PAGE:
- Year 2023
- NSF Noyce Award # 2049983
- First Name Stephen
- Last Name Farenga
- Discipline Data Science, Engineering, Physics, STEM Education (general)
Salvatore Garofalo, Stephen Farenga
The purpose of the Queens College NSF Noyce SciTech TEAMS Program is to prepare highly-qualified science educators. Part of this qualification is to prepare science teachers for both the technology of today as well as the future. Drone technology is advancing and operation of drones is a highly sought after skill. The introduction of drones to science educators will better inform them on how to incorporate drone use in the science classroom and to prepare their students with this skill. Additionally, drone operation is novel to many individuals and therefore use of a drone is an initial learning experience regardless of the age of the operator. This project demonstrates mental demand at initial learning and how mental demand may change over time. At this stage in the project, the science educators are self-reporting the mental demand required to operate drones. This information will better prepare science educators for the learning curve of drone operation of their own students. Mental demand was compared between groups that reported use of the congruent skill of video game use. Gender groups were also compared.
What degree of mental demand is required for drone operation? Are there differences in mental demand among genders? Does a congruent skill, such as video game use, lessen mental demand of drone operation? Does spatial ability impact mental demand of drone operation? What is the role of prior knowledge in learning a new skill?
As part of the advanced technology seminar in our Noyce Program, candidates were afforded the opportunity to operate drones. Each candidate was equipped with a drone and an iPad to operate the drone. Candidates were paired so one participant could support the person flying the drone. Candidates were given time to operate the drone and encouraged to fly however they seemed fit. After drone operation, candidates completed the NASA Task Load Index to report their mental demand. Additionally, candidates reported their level of video game use. Video game use was identified as a congruent skill to drone operation. Participants also completed the Mental Rotation Test to measure their spatial ability. One week later, candidates had an additional opportunity to fly the drones and report their mental demand.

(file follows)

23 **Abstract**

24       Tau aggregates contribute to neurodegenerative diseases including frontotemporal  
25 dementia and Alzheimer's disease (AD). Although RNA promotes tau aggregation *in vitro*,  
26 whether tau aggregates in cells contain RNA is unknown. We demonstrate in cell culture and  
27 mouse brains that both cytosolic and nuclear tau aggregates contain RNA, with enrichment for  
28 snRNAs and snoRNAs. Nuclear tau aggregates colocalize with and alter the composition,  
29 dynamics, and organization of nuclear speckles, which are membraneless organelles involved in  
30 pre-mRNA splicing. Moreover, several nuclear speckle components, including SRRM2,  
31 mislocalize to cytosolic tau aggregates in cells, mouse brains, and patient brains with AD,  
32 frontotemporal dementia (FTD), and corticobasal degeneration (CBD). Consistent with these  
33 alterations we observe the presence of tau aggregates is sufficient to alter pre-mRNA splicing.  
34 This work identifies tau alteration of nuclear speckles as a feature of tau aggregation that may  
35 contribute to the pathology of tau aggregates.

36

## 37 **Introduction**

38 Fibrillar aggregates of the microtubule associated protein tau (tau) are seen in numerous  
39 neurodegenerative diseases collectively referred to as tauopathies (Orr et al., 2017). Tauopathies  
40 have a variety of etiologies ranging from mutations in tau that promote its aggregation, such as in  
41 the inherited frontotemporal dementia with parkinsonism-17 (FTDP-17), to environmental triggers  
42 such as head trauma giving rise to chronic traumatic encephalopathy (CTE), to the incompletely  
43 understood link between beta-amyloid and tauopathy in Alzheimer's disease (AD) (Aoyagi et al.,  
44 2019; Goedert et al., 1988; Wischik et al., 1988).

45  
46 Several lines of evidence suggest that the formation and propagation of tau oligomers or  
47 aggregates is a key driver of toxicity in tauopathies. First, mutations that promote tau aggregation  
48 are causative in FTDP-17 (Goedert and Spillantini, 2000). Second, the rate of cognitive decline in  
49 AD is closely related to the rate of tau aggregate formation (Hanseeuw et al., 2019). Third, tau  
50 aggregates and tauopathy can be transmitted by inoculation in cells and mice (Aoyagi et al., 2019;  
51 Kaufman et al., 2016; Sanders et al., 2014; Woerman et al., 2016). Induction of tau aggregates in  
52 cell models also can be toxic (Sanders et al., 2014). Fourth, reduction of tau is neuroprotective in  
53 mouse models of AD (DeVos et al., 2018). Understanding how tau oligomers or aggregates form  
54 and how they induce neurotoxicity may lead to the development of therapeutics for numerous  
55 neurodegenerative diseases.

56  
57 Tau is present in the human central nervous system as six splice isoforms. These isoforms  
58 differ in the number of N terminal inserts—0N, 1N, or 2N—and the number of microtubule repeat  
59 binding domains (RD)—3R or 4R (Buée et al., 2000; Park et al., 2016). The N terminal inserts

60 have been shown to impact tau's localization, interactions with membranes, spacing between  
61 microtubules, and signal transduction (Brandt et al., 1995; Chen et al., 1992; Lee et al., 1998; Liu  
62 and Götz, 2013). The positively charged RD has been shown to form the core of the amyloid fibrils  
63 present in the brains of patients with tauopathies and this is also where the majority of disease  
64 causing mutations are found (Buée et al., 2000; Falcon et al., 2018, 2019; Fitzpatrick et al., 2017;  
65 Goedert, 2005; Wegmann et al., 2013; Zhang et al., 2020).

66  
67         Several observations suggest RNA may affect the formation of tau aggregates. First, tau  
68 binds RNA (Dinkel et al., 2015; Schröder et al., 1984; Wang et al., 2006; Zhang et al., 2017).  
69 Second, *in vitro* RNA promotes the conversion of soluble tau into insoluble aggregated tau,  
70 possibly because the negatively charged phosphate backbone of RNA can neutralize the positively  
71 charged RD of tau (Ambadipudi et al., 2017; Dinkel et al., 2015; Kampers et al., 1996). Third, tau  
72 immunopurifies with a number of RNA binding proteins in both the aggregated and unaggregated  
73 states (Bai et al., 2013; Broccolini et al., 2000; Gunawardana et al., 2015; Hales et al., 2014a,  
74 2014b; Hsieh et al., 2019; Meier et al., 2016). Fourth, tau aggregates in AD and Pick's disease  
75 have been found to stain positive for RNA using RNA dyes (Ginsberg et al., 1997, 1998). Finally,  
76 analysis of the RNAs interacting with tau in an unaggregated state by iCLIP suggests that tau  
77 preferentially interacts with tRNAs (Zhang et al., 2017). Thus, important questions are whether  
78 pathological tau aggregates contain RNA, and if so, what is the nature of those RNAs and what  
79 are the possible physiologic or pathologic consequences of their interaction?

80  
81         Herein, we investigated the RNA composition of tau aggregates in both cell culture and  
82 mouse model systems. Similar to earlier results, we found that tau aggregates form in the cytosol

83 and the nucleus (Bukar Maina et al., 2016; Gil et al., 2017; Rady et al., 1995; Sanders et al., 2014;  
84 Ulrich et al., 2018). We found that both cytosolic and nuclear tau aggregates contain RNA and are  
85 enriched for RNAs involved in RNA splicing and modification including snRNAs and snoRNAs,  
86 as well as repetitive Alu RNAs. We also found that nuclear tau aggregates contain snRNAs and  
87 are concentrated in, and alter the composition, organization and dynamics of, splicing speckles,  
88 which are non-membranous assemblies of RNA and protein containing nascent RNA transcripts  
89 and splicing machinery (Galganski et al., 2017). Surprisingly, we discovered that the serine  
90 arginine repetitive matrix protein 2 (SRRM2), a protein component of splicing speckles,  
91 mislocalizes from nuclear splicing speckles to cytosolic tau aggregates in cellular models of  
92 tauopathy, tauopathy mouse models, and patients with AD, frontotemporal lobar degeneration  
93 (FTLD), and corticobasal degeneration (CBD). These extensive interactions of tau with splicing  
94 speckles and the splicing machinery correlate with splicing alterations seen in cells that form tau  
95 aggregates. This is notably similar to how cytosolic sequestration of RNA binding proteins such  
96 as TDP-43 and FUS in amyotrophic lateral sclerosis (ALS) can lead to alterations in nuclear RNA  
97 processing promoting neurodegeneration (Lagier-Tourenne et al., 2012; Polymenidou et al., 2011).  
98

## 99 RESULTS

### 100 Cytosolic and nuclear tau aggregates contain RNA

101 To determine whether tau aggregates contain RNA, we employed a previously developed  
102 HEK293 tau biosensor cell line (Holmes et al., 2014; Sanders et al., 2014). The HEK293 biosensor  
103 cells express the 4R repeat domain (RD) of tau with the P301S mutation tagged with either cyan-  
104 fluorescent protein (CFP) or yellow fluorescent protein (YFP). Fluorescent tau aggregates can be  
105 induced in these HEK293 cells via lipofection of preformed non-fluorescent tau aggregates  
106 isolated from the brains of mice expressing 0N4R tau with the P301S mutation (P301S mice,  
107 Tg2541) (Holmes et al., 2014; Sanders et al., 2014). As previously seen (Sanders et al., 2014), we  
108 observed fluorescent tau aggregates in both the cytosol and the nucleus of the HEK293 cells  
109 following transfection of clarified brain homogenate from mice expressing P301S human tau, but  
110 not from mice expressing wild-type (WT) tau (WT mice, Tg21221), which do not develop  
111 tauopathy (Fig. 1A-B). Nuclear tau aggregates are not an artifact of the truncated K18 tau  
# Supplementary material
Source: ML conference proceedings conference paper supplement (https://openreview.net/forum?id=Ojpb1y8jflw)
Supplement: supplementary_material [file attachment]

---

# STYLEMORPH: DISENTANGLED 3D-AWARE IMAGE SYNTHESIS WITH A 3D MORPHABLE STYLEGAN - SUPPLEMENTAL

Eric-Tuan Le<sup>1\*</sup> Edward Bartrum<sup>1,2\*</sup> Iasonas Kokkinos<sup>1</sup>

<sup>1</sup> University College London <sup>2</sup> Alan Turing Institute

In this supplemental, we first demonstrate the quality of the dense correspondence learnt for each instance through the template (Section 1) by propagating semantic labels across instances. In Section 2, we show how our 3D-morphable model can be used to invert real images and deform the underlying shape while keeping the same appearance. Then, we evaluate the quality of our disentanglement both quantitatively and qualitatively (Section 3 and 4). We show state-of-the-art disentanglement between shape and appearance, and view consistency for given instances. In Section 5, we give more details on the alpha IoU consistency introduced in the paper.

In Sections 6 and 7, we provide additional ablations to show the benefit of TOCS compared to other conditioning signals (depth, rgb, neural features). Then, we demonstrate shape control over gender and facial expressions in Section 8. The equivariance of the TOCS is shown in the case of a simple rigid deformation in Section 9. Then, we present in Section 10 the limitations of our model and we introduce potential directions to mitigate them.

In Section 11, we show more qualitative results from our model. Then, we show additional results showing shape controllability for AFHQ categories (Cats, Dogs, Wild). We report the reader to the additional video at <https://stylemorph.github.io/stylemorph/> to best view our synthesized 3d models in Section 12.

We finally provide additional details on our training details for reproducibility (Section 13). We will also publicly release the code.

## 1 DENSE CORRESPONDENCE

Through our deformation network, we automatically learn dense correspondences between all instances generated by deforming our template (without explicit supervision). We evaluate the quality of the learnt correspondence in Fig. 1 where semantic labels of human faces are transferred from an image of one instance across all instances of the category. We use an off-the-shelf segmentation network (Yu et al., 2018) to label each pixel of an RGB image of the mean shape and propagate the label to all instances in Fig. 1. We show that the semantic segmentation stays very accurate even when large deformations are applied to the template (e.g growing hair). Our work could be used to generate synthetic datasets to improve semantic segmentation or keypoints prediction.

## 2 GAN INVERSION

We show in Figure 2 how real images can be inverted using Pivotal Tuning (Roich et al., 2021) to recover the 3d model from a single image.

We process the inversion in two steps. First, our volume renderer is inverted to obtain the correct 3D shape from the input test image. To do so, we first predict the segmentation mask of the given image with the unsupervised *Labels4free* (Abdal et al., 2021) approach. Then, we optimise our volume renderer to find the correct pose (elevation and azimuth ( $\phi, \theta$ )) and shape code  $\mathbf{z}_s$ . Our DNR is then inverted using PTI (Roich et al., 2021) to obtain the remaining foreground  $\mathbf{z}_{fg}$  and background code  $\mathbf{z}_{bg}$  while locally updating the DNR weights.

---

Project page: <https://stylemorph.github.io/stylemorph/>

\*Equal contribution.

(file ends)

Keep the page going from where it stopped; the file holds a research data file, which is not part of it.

Drone operation, at initial learning, was considered to require a high degree of mental demand for non-video game players and females. Video game players and males (which were not identical groups) reported lower mental demand compared with non-video game players and females. Non-video game players experienced a significantly lower mental demand over time and video game players experienced no difference in mental demand. Females experienced a significantly lower mental demand over time and males experienced no difference in mental demand. Spatial ability was not a significant covariate.
The purpose of this study is to measure the impact of certain factors such as congruent skills and gender on mental demand at initial learning. In this case, video game use was used as a congruent skill due to the similarity in method of manipulation of video game avatars and drones through joystick controls. The high mental demand at initial learning for non-video game players demonstrates that at initial learning, new concepts are perceived as cognitively demanding. However, the repeated use of the drones also provides information on skill building and the perceived degree of mental demand over time and experience which was lessened for the non-video game player group. Similarly, this study demonstrates that females, who initially felt drone operation was cognitively difficult, experienced a decrease in mental demand after repeated use. Drone operation is a valuable skill in many fields including agriculture, geology, and defense and employers are searching for qualified employees. There is a need to support the growth of this skill for all genders which begins with science educators being familiar with drone operation to better teach their students and an acknowledgement that repeated use can lessen the cognitive demands of a novel concept.